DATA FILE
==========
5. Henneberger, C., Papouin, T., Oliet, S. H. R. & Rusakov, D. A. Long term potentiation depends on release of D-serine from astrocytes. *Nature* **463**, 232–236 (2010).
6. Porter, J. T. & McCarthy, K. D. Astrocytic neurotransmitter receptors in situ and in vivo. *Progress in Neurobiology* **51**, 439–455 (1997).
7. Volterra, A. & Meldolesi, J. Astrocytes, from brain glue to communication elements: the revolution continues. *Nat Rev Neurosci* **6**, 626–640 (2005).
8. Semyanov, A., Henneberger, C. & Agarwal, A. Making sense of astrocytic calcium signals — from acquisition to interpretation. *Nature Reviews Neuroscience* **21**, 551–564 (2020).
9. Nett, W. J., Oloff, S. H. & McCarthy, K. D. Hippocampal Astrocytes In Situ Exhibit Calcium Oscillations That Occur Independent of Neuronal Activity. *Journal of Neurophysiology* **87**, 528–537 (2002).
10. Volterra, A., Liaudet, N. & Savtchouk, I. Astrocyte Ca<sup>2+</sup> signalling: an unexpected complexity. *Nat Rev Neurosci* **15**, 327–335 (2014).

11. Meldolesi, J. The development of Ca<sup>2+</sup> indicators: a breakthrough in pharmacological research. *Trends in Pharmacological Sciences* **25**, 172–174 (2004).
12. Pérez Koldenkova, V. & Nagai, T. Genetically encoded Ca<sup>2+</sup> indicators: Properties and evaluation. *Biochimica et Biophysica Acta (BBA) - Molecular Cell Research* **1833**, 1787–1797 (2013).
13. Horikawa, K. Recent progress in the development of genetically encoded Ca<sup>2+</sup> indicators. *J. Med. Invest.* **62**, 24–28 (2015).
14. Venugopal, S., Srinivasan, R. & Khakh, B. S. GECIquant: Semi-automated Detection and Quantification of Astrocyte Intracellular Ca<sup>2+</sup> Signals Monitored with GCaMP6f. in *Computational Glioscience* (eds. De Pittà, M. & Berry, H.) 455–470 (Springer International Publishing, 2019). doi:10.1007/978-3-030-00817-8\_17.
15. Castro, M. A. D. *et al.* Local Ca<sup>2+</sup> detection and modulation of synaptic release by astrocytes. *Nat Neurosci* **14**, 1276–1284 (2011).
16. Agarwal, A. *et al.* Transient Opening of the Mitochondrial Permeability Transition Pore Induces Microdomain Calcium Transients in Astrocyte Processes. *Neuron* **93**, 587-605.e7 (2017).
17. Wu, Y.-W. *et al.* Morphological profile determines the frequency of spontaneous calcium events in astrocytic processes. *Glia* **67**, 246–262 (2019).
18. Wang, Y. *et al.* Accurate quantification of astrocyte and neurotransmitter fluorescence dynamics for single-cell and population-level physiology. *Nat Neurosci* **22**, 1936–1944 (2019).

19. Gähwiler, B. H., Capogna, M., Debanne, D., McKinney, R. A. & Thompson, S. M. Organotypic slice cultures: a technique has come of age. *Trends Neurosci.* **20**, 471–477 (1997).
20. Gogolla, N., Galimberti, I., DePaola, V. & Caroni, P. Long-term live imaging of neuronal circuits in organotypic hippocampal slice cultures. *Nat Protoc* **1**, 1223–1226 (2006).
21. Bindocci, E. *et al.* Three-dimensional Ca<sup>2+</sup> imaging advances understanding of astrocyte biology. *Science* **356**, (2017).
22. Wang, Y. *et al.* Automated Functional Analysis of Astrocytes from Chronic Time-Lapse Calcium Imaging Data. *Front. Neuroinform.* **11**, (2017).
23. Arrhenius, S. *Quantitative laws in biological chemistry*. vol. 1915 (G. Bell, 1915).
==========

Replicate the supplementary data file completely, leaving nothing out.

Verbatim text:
5. Henneberger, C., Papouin, T., Oliet, S. H. R. & Rusakov, D. A. Long term potentiation depends on release of D-serine from astrocytes. *Nature* **463**, 232–236 (2010).
6. Porter, J. T. & McCarthy, K. D. Astrocytic neurotransmitter receptors in situ and in vivo. *Progress in Neurobiology* **51**, 439–455 (1997).
7. Volterra, A. & Meldolesi, J. Astrocytes, from brain glue to communication elements: the revolution continues. *Nat Rev Neurosci* **6**, 626–640 (2005).
8. Semyanov, A., Henneberger, C. & Agarwal, A. Making sense of astrocytic calcium signals — from acquisition to interpretation. *Nature Reviews Neuroscience* **21**, 551–564 (2020).
9. Nett, W. J., Oloff, S. H. & McCarthy, K. D. Hippocampal Astrocytes In Situ Exhibit Calcium Oscillations That Occur Independent of Neuronal Activity. *Journal of Neurophysiology* **87**, 528–537 (2002).
10. Volterra, A., Liaudet, N. & Savtchouk, I. Astrocyte Ca<sup>2+</sup> signalling: an unexpected complexity. *Nat Rev Neurosci* **15**, 327–335 (2014).

11. Meldolesi, J. The development of Ca<sup>2+</sup> indicators: a breakthrough in pharmacological research. *Trends in Pharmacological Sciences* **25**, 172–174 (2004).
12. Pérez Koldenkova, V. & Nagai, T. Genetically encoded Ca<sup>2+</sup> indicators: Properties and evaluation. *Biochimica et Biophysica Acta (BBA) - Molecular Cell Research* **1833**, 1787–1797 (2013).
13. Horikawa, K. Recent progress in the development of genetically encoded Ca<sup>2+</sup> indicators. *J. Med. Invest.* **62**, 24–28 (2015).
14. Venugopal, S., Srinivasan, R. & Khakh, B. S. GECIquant: Semi-automated Detection and Quantification of Astrocyte Intracellular Ca<sup>2+</sup> Signals Monitored with GCaMP6f. in *Computational Glioscience* (eds. De Pittà, M. & Berry, H.) 455–470 (Springer International Publishing, 2019). doi:10.1007/978-3-030-00817-8\_17.
15. Castro, M. A. D. *et al.* Local Ca<sup>2+</sup> detection and modulation of synaptic release by astrocytes. *Nat Neurosci* **14**, 1276–1284 (2011).
16. Agarwal, A. *et al.* Transient Opening of the Mitochondrial Permeability Transition Pore Induces Microdomain Calcium Transients in Astrocyte Processes. *Neuron* **93**, 587-605.e7 (2017).
17. Wu, Y.-W. *et al.* Morphological profile determines the frequency of spontaneous calcium events in astrocytic processes. *Glia* **67**, 246–262 (2019).
18. Wang, Y. *et al.* Accurate quantification of astrocyte and neurotransmitter fluorescence dynamics for single-cell and population-level physiology. *Nat Neurosci* **22**, 1936–1944 (2019).

19. Gähwiler, B. H., Capogna, M., Debanne, D., McKinney, R. A. & Thompson, S. M. Organotypic slice cultures: a technique has come of age. *Trends Neurosci.* **20**, 471–477 (1997).
20. Gogolla, N., Galimberti, I., DePaola, V. & Caroni, P. Long-term live imaging of neuronal circuits in organotypic hippocampal slice cultures. *Nat Protoc* **1**, 1223–1226 (2006).
21. Bindocci, E. *et al.* Three-dimensional Ca<sup>2+</sup> imaging advances understanding of astrocyte biology. *Science* **356**, (2017).
22. Wang, Y. *et al.* Automated Functional Analysis of Astrocytes from Chronic Time-Lapse Calcium Imaging Data. *Front. Neuroinform.* **11**, (2017).
23. Arrhenius, S. *Quantitative laws in biological chemistry*. vol. 1915 (G. Bell, 1915).